The promise of electric vehicles - written in December, 2021.

Since moving to the U.S., myself and my husband have always had the one car that we have shared between us. Due to our different schedules and being on a good bus route, we didn’t feel the need for two. When it came to the decision to purchase a new car recently, we decided that, because of the way the Earth is being affected by fossil fuels, releasing large amounts of greenhouse gases in to the air and contributing to global warming, we would switch from a gasoline powered car to an electric. It was around this time, President Biden signed an executive order, seeking to cut carbon emissions and was calling for the government to ensure that Americans shift towards electric vehicles. This was another reason we figured making the change to an electric car, sooner rather than later, was the best thing to do. As the transportation industry is the largest source of planet warming green-house gases in the U.S. and accounts for around one-fifth of global emissions, contributing significantly to climate change, it’s crucial, now more than ever, that we all look at how we travel.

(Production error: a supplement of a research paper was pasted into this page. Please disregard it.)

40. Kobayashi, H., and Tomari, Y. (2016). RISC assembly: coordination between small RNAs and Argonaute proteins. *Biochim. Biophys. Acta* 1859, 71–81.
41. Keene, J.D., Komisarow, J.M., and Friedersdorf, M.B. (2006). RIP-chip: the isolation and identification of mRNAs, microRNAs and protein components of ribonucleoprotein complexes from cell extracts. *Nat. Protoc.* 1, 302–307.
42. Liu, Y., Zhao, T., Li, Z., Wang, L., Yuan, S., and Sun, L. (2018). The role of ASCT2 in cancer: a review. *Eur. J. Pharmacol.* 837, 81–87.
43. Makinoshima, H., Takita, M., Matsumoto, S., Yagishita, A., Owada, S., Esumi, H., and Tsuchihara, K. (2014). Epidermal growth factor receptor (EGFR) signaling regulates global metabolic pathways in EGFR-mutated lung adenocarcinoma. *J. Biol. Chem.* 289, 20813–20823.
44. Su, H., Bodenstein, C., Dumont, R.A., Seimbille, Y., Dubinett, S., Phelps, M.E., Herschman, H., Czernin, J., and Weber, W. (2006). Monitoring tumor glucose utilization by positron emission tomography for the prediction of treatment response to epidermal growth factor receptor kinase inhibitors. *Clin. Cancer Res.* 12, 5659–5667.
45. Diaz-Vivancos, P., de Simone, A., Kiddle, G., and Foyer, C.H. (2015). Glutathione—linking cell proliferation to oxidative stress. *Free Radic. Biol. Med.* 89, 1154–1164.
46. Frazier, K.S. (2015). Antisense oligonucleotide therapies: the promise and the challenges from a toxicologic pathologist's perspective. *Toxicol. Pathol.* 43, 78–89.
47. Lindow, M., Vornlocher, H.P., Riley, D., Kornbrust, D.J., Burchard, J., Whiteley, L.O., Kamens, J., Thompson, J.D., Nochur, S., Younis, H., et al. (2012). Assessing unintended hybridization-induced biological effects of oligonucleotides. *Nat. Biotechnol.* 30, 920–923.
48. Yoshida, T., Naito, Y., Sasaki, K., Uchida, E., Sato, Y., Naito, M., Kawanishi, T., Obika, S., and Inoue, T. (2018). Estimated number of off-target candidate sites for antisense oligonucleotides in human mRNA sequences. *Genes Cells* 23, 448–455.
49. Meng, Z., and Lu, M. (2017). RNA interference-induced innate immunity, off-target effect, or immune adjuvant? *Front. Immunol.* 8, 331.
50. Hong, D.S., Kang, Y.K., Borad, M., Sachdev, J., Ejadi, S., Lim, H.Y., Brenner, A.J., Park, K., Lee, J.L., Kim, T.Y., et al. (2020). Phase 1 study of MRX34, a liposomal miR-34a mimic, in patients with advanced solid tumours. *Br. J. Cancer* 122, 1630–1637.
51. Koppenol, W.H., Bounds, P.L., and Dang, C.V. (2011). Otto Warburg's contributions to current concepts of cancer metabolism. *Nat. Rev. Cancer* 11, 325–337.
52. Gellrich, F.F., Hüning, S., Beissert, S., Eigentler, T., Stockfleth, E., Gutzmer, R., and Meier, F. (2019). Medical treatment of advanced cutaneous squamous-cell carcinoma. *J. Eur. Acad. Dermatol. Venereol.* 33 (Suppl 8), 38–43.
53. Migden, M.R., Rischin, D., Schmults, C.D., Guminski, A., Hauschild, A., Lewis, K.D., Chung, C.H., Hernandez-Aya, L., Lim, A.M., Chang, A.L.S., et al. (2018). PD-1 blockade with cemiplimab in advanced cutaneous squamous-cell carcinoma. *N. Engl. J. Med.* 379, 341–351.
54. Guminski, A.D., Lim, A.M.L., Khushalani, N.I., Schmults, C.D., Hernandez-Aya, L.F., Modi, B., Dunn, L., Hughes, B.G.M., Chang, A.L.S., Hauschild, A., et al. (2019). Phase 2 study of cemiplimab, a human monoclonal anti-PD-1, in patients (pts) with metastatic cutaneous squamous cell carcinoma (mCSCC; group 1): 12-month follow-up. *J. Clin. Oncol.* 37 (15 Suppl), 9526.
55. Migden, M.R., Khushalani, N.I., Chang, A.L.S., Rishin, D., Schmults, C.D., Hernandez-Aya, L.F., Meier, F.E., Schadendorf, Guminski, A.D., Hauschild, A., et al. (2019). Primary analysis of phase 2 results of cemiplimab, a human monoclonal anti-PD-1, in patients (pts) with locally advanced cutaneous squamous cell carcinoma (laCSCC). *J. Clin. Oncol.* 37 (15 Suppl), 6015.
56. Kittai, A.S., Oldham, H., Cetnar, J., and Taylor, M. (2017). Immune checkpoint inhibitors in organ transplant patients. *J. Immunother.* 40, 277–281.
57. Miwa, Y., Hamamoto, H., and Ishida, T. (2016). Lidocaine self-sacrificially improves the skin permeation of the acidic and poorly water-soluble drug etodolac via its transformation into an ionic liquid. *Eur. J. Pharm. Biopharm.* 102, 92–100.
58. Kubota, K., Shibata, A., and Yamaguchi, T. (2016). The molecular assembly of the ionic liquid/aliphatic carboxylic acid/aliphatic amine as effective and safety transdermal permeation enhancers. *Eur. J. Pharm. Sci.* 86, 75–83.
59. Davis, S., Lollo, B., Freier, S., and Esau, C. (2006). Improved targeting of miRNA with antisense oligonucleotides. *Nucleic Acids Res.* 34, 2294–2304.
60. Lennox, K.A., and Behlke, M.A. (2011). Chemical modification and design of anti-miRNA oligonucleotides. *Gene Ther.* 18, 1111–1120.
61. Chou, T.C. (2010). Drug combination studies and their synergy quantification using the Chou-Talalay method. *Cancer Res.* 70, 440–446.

Having spent some time reading up on electric vehicles (EVs), I am aware however, that while there are many pros to them there are also some cons. One is their high initial upfront cost which can be off putting for people. While this is understandable, according to the New York Times, a team at the Massachusetts Institute of Technology found that electric cars were more climate friendly than gas-burning ones and that, over a lifetime, they were often cheaper too. As they have lower maintenance and charging costs compared to gasoline prices, this tends to offset the higher upfront prices over time and may save drivers money in the long-run. In the case of the U.S., electricity is much cheaper in comparison to gas, making electric car charging costs, for example in California, around half the price of powering a traditional car for driving the same distance.